Thursday, May 10, 2012

Passport And Visa Misadventures

It was a comedy of errors by the Balla family (read: me!) the other day at the Visa Office of the Chinese Embassy in Washington, DC.

In what has become an annual trek, I made my way via the 31 bus from GW's campus through the heart of Georgetown and up the hill to the Visa Office, just a stone's throw below National Cathedral on Wisconsin Avenue. In the Visa Office, it was a typical Chinese scene...a pair of poorly organized lines for people waiting to pay for and pick up visas that I had to fight my way through to make it to the ticket dispenser where I was to pick up my visa application number. Not a good start...I grabbed number 115, only to look up at the display and discover that number 29 was currently being served.

No matter...The wait is always interesting, with a mishmash of English and Chinese being spoken, couriers fighting with visa office workers on behalf of "The Client," and the general dislocation and tension that comes with worldwide travel.

When it was finally my turn, nearly an hour later, all of these realities found their way into my exchanges. So, onto the comedy of three errors...

Are Julie and Z old enough to sign their own visa application forms? I insisted, at home the previous evening, that Julie and Z ought to sign their own visa applications. After all, they've spent a significant portion of their lives in China and totally know what's going on. They are, in Z's words, "conscious."

Well, as I watched the young visa officer work her way through Julie's application, I noticed she was doing some finger math. I assumed she was counting up Julie's age, but had no chance to verify that fact until she got to Z's application a minute or two later. After more finger math, she informed me that Z was too young to sign for himself, and that I had to fill in an additional section vouching for his application. I put up a brief little stink, arguing that Z understood everything, but a terse jiu shi guiding ("that's the rule") set me about scribbling my information in the guardian section of the form.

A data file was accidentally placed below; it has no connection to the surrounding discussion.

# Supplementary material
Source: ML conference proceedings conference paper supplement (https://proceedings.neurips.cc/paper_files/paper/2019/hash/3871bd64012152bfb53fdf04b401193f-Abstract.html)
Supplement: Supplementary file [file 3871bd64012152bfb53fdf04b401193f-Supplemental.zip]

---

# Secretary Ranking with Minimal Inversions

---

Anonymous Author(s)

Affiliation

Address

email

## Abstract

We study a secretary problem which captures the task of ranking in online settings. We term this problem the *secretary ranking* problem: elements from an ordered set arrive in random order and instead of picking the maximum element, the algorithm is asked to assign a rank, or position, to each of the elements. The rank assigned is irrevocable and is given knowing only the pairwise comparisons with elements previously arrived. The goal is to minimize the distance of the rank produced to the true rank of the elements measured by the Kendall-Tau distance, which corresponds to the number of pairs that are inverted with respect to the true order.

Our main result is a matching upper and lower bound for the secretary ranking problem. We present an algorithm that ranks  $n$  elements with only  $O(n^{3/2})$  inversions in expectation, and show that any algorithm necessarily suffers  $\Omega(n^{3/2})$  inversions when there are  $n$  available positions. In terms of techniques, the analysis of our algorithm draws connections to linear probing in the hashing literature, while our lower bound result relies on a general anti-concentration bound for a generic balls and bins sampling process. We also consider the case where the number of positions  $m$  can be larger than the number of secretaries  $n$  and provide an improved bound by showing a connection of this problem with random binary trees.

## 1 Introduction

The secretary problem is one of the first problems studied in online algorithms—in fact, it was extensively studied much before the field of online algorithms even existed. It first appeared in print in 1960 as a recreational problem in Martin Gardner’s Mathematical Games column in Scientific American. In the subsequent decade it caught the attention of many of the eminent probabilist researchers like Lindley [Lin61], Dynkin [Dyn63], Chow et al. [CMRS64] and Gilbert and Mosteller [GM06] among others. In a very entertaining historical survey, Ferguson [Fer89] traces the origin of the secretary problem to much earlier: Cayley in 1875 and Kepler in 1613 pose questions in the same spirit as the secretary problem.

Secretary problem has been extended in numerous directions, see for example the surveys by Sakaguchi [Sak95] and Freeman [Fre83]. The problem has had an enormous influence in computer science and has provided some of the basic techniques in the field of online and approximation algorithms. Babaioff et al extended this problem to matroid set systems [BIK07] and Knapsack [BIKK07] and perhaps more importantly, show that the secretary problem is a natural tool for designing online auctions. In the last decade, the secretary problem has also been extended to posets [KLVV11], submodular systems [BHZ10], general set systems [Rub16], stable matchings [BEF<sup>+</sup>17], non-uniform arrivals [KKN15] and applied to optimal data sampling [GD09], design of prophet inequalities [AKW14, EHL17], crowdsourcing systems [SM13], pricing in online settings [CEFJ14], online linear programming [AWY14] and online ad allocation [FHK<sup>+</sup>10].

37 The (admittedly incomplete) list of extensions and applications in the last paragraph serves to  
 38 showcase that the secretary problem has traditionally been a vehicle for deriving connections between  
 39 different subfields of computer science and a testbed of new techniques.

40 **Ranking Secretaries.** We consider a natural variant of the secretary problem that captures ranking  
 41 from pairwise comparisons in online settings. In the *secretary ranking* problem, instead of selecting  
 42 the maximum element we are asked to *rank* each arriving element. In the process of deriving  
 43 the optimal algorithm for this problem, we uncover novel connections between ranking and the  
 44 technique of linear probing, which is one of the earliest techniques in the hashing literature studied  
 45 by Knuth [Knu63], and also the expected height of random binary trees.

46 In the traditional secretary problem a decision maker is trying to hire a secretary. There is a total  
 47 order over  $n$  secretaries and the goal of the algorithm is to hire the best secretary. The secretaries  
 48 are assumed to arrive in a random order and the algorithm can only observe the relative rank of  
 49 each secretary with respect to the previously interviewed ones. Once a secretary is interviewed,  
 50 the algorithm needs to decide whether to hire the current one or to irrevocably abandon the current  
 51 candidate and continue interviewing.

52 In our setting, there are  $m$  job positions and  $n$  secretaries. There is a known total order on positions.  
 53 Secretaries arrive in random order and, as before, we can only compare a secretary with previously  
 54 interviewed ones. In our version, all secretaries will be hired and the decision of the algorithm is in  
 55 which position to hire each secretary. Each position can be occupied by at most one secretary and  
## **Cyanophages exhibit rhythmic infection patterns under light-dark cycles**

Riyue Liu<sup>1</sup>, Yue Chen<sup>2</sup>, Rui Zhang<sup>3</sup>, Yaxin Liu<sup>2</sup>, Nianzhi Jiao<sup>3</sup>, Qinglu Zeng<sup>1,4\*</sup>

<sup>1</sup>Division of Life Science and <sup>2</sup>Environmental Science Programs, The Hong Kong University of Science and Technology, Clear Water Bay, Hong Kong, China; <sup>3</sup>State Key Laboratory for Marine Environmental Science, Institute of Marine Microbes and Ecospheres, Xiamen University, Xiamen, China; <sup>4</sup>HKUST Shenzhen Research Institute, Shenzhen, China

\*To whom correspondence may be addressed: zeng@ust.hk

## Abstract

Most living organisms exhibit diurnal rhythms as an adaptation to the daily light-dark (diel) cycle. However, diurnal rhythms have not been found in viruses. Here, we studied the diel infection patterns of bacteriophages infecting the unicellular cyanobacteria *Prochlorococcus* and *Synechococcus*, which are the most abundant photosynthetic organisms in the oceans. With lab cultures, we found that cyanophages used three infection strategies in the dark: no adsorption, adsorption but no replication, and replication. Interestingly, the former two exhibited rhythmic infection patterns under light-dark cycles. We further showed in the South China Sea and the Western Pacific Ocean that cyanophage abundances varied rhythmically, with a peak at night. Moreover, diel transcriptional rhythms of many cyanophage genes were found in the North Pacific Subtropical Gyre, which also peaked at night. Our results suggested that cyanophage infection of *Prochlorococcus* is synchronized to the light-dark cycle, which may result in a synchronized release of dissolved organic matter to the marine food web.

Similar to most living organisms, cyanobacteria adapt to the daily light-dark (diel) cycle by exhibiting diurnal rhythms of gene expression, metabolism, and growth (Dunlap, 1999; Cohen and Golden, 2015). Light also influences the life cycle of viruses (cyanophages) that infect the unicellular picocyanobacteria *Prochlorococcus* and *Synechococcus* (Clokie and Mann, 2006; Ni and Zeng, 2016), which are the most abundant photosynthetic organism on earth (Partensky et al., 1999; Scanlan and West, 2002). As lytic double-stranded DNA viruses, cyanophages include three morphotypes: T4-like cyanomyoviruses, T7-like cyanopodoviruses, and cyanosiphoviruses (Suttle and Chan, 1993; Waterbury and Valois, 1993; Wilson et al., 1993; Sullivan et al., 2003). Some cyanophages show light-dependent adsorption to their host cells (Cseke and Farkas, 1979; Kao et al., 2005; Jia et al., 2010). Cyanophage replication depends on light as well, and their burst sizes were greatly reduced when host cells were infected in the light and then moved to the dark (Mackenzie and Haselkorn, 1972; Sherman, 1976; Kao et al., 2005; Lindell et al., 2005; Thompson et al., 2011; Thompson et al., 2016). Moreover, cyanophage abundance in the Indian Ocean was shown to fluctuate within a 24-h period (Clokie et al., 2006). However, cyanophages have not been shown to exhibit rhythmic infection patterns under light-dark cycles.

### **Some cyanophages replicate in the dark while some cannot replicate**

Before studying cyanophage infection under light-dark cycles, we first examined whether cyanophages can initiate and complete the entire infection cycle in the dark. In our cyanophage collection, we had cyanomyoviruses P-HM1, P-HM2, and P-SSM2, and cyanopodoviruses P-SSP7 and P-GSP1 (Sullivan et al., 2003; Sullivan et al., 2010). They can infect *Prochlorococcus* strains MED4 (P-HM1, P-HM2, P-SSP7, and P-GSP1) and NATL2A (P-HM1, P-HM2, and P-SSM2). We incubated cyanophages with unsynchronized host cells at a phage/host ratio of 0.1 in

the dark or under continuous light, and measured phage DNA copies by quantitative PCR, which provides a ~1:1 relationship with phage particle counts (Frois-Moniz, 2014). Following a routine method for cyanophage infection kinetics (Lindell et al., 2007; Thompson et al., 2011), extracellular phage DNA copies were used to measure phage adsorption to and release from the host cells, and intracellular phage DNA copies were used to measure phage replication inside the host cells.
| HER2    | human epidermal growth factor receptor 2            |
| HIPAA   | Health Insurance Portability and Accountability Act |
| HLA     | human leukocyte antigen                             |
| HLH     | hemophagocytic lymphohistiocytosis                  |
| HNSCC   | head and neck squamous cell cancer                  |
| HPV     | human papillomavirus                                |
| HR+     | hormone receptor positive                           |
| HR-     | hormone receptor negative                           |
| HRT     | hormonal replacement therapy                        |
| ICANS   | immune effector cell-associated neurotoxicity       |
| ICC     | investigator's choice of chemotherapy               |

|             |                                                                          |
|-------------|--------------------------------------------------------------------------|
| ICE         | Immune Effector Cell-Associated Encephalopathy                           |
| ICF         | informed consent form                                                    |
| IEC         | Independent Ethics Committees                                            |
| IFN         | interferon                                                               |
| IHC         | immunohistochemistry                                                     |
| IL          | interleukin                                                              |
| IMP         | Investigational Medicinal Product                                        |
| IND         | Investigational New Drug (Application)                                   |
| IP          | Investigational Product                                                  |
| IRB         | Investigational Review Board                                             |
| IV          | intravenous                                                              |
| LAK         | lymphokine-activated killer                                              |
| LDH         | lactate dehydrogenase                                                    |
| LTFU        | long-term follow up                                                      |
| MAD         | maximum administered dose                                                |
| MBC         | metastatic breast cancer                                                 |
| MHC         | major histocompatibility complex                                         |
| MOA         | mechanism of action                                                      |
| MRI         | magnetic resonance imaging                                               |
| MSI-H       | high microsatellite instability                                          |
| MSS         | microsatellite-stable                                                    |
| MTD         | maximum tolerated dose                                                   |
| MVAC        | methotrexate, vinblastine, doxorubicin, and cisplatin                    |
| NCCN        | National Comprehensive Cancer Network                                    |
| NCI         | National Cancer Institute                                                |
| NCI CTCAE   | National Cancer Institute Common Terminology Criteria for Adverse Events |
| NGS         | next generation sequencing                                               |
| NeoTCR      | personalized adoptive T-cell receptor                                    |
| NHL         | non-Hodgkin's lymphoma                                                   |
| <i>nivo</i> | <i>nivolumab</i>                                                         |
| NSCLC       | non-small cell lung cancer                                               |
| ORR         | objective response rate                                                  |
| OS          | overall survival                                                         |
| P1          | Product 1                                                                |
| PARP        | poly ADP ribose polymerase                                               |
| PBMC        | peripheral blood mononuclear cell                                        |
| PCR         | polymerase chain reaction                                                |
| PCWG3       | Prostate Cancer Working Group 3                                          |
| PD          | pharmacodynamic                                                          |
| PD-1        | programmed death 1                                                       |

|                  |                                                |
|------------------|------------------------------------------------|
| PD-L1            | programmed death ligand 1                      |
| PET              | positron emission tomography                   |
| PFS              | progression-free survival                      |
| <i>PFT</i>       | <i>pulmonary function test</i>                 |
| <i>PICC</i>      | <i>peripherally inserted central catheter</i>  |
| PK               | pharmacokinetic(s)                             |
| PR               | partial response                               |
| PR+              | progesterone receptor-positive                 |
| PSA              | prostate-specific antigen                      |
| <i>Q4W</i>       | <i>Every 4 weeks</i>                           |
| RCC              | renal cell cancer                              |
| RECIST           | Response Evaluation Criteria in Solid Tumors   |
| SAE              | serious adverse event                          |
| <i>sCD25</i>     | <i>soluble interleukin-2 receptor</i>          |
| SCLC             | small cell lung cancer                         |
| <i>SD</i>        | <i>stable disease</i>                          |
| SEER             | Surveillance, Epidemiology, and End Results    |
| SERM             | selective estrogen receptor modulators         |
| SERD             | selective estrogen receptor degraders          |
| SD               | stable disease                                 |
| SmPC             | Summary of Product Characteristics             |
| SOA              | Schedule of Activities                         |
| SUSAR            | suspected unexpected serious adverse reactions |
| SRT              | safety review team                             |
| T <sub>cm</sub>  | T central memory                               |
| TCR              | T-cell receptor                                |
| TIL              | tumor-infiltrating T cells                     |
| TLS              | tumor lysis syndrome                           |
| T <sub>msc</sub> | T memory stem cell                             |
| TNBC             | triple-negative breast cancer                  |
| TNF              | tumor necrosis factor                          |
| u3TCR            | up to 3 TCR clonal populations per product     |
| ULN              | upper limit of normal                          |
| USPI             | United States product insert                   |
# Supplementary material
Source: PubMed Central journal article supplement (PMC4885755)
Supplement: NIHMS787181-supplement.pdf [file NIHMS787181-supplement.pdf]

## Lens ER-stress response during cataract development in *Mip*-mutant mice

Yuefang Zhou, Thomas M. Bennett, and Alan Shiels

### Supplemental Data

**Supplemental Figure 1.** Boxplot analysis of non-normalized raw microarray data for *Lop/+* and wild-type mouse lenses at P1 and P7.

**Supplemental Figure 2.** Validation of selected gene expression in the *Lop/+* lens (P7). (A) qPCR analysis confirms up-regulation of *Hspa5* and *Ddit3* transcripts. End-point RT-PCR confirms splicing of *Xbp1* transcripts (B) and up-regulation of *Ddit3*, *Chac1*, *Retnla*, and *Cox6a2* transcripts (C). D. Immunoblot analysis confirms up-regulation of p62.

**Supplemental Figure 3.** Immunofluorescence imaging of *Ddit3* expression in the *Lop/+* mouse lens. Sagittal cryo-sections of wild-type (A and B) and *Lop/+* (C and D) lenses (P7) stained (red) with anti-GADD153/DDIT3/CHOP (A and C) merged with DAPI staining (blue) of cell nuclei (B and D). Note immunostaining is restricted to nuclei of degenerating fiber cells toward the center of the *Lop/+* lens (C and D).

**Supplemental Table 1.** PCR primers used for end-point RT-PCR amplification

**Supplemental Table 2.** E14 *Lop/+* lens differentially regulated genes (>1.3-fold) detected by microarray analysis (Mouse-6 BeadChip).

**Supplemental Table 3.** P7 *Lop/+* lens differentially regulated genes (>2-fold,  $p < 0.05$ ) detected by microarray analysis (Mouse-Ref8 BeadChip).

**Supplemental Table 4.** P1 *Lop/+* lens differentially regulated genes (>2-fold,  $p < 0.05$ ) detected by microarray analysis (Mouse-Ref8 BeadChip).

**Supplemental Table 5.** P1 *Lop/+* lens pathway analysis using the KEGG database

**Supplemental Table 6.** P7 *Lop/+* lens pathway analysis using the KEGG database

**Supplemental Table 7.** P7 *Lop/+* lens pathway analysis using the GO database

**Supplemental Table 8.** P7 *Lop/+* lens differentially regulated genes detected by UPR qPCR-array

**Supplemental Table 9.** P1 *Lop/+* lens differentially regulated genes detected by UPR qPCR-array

Can we use photos taken at home on our applications? I mildly despise going to CVS for passport photos. It seems to take way too long to make something so simple happen, and a ten dollar charge for pictures snapped with a simple digital camera just rubs me the wrong way. So this time around, we used our own equipment at home...with good results for everyone but me. I had bad feelings about my picture, as it was a tab bit grainy. But luckily it was mine, as when I was informed by the same visa officer that the photo wouldn't pass muster, I was directed to a back room where a replacement could be taken on the spot. If it were anyone else, a return trip on another day would have been in order. Phew!

Back there behind the scenes, I had one of those moments with the visa officer who was taking my picture, when she earnestly took an interest in my Mandarin. It wasn't one of those polite "Your Chinese is really good" comments, but rather a conversation about the specific ways and means through which I've developed my language skills. My mental reaction to all of this was dismay at the fact that here we are, in the middle of the China Visa Office, and staff members are still surprised to hear decent spoken Mandarin!? We have some work to do, fellow Americans! Get crackin' on your Mandarin!